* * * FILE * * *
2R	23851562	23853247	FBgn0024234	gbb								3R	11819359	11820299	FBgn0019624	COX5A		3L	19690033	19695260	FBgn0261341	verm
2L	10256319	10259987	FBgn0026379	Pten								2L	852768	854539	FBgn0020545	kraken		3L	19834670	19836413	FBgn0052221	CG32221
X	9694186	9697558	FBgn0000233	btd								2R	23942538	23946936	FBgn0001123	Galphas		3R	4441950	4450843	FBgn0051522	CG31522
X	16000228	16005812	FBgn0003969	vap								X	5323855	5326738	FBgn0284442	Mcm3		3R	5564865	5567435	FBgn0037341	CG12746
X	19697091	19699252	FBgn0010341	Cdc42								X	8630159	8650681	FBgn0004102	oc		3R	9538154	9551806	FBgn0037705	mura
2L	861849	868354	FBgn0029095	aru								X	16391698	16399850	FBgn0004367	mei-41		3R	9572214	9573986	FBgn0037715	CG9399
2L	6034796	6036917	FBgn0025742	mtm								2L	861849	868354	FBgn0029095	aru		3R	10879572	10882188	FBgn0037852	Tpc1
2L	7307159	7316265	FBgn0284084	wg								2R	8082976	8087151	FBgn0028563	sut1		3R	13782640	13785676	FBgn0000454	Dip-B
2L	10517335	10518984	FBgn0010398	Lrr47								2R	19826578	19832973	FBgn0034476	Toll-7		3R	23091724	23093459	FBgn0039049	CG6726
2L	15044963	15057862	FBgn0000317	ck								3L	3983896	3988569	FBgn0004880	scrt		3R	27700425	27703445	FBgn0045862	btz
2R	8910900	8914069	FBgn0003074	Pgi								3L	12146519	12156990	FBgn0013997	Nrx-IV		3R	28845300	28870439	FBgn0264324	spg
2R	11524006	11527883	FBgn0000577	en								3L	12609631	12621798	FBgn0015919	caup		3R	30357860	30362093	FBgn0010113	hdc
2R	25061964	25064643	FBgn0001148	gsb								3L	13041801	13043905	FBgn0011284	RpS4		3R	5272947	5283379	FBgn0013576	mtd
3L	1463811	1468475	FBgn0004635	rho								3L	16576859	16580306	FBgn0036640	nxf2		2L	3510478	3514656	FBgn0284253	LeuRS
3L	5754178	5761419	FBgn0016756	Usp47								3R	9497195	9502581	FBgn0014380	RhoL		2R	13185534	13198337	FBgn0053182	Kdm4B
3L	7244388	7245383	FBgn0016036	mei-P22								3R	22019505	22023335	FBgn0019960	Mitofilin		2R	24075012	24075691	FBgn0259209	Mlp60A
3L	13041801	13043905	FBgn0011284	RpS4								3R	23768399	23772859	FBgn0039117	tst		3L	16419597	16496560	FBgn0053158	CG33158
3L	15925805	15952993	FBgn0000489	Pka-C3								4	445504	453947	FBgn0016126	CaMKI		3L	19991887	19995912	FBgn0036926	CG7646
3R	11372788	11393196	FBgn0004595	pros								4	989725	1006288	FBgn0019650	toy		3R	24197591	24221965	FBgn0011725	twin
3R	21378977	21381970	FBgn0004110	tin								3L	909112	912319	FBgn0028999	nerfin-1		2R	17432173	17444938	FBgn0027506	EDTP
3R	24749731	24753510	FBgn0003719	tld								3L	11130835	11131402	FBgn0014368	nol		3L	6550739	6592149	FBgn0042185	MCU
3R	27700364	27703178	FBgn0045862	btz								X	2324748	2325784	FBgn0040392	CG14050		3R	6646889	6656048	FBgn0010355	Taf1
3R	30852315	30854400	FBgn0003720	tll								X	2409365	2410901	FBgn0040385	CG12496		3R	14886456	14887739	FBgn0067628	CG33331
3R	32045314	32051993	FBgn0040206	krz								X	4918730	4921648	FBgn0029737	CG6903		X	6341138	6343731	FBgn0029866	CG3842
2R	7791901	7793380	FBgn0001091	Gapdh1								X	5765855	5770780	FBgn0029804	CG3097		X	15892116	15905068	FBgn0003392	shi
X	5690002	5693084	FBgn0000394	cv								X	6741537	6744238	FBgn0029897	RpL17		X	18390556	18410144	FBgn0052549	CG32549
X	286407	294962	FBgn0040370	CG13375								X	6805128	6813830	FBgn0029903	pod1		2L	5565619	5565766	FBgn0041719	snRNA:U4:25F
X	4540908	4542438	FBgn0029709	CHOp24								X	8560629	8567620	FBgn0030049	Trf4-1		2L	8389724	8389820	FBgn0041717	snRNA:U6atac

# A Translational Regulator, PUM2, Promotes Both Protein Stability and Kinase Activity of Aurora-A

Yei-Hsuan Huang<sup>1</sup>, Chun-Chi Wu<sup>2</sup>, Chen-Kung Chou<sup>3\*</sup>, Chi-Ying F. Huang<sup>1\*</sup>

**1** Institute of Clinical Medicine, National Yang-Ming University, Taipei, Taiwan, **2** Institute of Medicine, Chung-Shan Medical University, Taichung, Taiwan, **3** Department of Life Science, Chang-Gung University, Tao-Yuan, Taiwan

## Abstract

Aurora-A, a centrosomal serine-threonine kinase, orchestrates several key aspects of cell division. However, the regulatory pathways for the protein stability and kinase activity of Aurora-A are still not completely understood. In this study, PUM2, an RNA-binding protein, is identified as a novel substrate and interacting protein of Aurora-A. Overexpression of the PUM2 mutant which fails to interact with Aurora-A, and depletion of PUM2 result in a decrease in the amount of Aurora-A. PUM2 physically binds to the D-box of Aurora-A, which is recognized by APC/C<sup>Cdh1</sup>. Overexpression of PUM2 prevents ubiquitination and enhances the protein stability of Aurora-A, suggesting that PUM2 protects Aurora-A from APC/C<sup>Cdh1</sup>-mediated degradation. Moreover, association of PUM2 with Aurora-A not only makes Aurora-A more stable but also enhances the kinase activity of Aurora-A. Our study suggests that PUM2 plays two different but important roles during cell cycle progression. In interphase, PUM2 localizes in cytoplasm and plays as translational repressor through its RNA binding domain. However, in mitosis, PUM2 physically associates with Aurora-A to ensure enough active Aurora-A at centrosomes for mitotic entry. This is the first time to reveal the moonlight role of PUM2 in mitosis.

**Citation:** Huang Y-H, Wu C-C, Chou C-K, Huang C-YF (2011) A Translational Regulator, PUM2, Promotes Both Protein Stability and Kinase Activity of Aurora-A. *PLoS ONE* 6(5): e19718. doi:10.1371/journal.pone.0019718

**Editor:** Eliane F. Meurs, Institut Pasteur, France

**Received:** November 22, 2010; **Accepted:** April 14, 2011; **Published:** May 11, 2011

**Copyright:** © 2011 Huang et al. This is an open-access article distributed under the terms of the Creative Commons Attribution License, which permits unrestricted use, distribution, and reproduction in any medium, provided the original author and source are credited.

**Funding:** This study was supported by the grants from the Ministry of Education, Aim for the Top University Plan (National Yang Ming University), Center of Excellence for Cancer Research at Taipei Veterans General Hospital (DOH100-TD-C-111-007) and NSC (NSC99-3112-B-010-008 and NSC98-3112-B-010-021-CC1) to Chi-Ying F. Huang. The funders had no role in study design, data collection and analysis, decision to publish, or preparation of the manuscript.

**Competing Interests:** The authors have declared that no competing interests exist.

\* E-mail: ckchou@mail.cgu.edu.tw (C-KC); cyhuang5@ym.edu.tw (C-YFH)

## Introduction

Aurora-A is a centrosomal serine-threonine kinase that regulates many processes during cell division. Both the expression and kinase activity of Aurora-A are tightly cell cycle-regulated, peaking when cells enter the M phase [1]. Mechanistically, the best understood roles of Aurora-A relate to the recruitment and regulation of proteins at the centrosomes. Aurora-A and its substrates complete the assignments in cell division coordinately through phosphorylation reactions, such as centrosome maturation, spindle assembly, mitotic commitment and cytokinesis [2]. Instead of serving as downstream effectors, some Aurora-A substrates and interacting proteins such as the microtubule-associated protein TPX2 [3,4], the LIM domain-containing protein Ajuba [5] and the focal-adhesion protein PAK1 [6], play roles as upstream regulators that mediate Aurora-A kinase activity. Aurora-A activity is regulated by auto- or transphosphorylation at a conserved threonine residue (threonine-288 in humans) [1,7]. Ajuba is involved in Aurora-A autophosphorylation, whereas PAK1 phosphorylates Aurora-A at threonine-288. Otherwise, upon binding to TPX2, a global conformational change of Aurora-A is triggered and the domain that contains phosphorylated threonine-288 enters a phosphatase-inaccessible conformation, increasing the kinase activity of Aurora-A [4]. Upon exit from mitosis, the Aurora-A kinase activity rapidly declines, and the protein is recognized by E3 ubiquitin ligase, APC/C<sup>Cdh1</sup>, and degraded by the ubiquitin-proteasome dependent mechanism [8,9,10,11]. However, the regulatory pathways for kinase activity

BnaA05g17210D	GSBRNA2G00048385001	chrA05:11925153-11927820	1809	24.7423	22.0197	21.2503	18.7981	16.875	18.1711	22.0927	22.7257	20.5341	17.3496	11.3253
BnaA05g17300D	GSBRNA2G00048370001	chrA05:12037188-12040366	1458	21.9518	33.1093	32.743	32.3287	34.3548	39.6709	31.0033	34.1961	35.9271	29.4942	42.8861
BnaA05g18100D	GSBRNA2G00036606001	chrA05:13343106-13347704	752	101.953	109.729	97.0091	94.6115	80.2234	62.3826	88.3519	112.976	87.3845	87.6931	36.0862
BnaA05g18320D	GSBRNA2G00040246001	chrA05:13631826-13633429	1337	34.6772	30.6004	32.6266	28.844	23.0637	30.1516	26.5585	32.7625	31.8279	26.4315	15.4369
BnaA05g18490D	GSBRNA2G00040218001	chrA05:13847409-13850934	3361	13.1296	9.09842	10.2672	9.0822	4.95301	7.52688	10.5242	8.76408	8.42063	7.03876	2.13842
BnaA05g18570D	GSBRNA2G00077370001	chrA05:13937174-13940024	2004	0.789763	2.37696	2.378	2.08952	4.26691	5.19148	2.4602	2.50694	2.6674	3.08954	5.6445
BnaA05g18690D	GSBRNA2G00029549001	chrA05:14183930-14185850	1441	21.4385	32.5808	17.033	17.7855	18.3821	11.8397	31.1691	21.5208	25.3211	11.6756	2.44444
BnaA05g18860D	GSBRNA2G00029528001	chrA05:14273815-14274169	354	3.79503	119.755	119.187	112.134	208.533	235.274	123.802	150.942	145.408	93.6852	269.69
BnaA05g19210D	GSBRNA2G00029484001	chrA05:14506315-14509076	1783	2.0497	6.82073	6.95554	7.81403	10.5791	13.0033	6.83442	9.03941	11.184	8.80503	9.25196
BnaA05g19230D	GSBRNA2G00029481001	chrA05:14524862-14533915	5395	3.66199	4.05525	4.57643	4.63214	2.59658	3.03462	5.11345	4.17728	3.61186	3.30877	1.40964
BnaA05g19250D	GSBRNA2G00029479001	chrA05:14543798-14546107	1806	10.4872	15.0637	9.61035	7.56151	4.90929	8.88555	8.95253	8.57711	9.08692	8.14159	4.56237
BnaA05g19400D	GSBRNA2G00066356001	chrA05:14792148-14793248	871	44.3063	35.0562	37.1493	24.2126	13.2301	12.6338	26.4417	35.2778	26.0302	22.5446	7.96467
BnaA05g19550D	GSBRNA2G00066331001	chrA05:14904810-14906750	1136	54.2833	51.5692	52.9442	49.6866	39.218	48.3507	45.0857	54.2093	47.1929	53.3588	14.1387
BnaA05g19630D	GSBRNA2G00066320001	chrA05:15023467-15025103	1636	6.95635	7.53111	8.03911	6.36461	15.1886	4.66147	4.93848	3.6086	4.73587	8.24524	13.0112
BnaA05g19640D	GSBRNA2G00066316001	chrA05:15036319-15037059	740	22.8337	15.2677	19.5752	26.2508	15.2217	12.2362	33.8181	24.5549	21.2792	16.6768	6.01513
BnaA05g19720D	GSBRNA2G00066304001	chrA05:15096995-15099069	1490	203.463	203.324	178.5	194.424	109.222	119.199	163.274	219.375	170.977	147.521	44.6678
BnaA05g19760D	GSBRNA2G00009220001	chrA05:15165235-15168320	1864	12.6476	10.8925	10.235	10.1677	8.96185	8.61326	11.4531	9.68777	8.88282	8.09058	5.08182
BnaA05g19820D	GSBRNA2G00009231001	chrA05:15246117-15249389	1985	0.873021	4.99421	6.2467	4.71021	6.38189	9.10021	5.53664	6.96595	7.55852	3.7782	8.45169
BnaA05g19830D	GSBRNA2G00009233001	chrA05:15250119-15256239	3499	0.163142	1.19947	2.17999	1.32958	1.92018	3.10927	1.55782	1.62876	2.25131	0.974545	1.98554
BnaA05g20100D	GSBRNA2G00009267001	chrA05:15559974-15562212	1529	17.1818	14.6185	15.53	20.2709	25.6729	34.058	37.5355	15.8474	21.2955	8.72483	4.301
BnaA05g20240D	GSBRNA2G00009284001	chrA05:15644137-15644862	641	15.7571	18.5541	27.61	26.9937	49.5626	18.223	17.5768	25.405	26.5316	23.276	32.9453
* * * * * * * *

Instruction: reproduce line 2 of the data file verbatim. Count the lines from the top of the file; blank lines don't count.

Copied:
2L	10256319	10259987	FBgn0026379	Pten								2L	852768	854539	FBgn0020545	kraken		3L	19834670	19836413	FBgn0052221	CG32221